COVID Update: Visitation restrictions lifted, masks still required at all St. Joseph's/Candler facilities. Learn More

Transitional Care Coordinators Make Sure New Home Health Patients Are Informed And Empowered

Kelly Wingate RN
Regional Coordinator Specialist Manager
St. Joseph’s/Candler Home Health Care

Smart Living: Many conditions that required extended hospital stays are now being treated at home through home health programs, which helps keep the continuum of care through discharge to recovery at home. For patients in our area, St. Joseph’s/Candler Home Health Care is available to provide those necessary services, but those new to home health care may not be sure what it is. How do we help those patients or caregivers learn more about it?

Kelly Wingate: St. Joseph’s/Candler has a dedicated Transitional Care Coordinator at each campus. As the title implies, these nurses are here to make sure patients have a safe transition from hospital care to home health care. After consultation with a case manager, for those patients that elect to utilize the services of St. Joseph’s/Candler Home Health Care, the Transitional Care Coordinators will then meet with patients. They assess what patients will need, such as medication or medical equipment, as well as what services they’ll need to access such as physical or occupational therapy (PT, OT). Our nurses make sure this happens smoothly, answering all questions and working to relieve any anxiety. We want patients to feel empowered about what comes next.

SL: What kind of patients might need home health care?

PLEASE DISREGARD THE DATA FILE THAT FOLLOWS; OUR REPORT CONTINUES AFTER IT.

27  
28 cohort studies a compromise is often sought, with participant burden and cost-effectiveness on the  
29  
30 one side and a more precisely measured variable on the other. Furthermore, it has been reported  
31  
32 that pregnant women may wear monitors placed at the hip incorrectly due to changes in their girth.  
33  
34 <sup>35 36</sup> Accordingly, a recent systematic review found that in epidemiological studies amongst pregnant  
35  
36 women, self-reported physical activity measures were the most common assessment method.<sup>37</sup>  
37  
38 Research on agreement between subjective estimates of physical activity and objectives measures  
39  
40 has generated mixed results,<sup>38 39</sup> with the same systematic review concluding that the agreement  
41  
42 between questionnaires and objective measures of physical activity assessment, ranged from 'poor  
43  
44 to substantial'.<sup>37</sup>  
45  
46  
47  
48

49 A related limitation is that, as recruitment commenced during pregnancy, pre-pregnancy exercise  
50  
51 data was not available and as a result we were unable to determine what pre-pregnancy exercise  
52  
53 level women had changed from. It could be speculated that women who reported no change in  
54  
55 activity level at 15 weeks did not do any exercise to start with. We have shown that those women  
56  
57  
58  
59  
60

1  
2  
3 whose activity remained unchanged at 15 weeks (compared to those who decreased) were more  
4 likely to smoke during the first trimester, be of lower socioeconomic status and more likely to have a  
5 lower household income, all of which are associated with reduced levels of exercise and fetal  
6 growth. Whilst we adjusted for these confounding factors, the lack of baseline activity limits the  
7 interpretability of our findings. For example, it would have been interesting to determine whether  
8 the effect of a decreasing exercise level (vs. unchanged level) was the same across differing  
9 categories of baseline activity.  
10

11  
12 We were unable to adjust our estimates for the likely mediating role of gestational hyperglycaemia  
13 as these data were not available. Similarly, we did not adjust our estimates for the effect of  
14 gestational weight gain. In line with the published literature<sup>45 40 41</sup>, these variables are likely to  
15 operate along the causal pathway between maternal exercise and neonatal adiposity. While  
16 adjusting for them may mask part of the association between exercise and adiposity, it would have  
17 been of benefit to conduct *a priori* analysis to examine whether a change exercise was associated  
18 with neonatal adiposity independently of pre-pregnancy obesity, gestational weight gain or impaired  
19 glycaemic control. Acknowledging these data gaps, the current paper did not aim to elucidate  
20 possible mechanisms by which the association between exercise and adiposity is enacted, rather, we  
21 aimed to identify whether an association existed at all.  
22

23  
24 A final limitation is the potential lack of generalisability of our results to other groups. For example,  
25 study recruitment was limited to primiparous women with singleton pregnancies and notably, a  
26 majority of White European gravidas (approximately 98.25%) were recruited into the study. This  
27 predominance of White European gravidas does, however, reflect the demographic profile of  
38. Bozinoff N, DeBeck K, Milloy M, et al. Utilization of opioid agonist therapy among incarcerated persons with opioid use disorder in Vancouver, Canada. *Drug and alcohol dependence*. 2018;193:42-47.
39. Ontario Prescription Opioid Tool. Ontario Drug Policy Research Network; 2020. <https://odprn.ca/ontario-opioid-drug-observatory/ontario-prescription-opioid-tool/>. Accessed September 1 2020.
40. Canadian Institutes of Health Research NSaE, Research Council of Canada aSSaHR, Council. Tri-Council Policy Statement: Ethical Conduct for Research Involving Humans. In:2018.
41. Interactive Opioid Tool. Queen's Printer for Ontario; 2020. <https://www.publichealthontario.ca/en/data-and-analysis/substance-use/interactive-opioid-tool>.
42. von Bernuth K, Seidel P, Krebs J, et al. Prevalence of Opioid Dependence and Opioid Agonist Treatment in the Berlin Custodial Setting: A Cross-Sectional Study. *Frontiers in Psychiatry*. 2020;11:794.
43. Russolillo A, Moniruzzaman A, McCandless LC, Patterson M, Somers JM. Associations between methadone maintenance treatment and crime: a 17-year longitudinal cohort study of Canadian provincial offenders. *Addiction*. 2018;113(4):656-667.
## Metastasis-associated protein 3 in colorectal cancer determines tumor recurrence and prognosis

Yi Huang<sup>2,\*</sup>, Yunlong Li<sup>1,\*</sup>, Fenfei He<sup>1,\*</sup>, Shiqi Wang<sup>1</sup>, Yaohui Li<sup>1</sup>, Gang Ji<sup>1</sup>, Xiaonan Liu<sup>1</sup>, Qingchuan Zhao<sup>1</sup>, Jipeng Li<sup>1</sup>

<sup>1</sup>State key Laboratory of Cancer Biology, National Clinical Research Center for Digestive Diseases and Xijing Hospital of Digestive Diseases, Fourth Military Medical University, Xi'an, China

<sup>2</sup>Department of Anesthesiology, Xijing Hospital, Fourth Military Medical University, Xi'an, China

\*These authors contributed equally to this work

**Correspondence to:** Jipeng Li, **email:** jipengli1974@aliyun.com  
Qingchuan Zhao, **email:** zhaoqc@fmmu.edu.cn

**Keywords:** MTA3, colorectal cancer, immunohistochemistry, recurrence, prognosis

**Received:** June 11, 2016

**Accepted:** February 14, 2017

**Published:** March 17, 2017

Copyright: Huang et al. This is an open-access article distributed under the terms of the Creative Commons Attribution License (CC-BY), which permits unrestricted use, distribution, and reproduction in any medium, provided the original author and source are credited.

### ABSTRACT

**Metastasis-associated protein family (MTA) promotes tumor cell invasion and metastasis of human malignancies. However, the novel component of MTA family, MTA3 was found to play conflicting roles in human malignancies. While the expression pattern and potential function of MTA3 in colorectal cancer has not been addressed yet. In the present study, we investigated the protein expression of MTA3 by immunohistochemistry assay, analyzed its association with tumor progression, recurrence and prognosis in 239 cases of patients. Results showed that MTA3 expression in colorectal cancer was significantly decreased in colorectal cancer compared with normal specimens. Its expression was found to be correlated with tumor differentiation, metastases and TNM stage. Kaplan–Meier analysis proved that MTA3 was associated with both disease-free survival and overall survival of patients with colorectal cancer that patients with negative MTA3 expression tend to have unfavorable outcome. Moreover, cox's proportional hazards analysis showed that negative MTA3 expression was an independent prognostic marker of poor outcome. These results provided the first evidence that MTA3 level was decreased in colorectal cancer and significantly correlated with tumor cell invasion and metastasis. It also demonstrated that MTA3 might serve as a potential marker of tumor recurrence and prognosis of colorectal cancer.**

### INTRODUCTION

KW: People who need nursing services or other skilled services such as PT or OT following an illness or a procedure—but who are homebound without the help of a family member or assistive device—are eligible. They could have been in the hospital for any number of reasons: knee replacement, neck surgery, a diagnosis that includes a new medication regimen, a severe wound. Even some COVID-19 patients who are doing well enough to go home may need to use a pulse oximeter and oxygen concentrator to help us monitor their recovery.

SL: So no matter why they are in the hospital, new home health care patients will likely have a lot of questions about what it involves.

KW: Yes, and we will answer those questions before discharge. For many patients, it is about education on what home health care actually is. Some have heard that it means a nurse moving in with you, or paying them to do things that family members can do. But no, our goals are actually for you to be as independent as possible while still receiving the monitoring, education and skilled services that you would normally receive in the hospital. This has shown to lead to better outcomes and less stressed-out caregivers.

One patient I helped was upset when I first met him—he thought a home health referral meant he might be getting sicker, possibly even dying. I explained to him that home health care is just like it sounds—getting you better at home! Keeping you out of the hospital and getting you back to enjoying life.


St. Joseph’s/Candler Home Health Care is the region’s only hospital-owned, Joint Commission-accredited home health care service. To learn more, visit www.sjchs.org/HomeHealth or call 1-800-942-5232.

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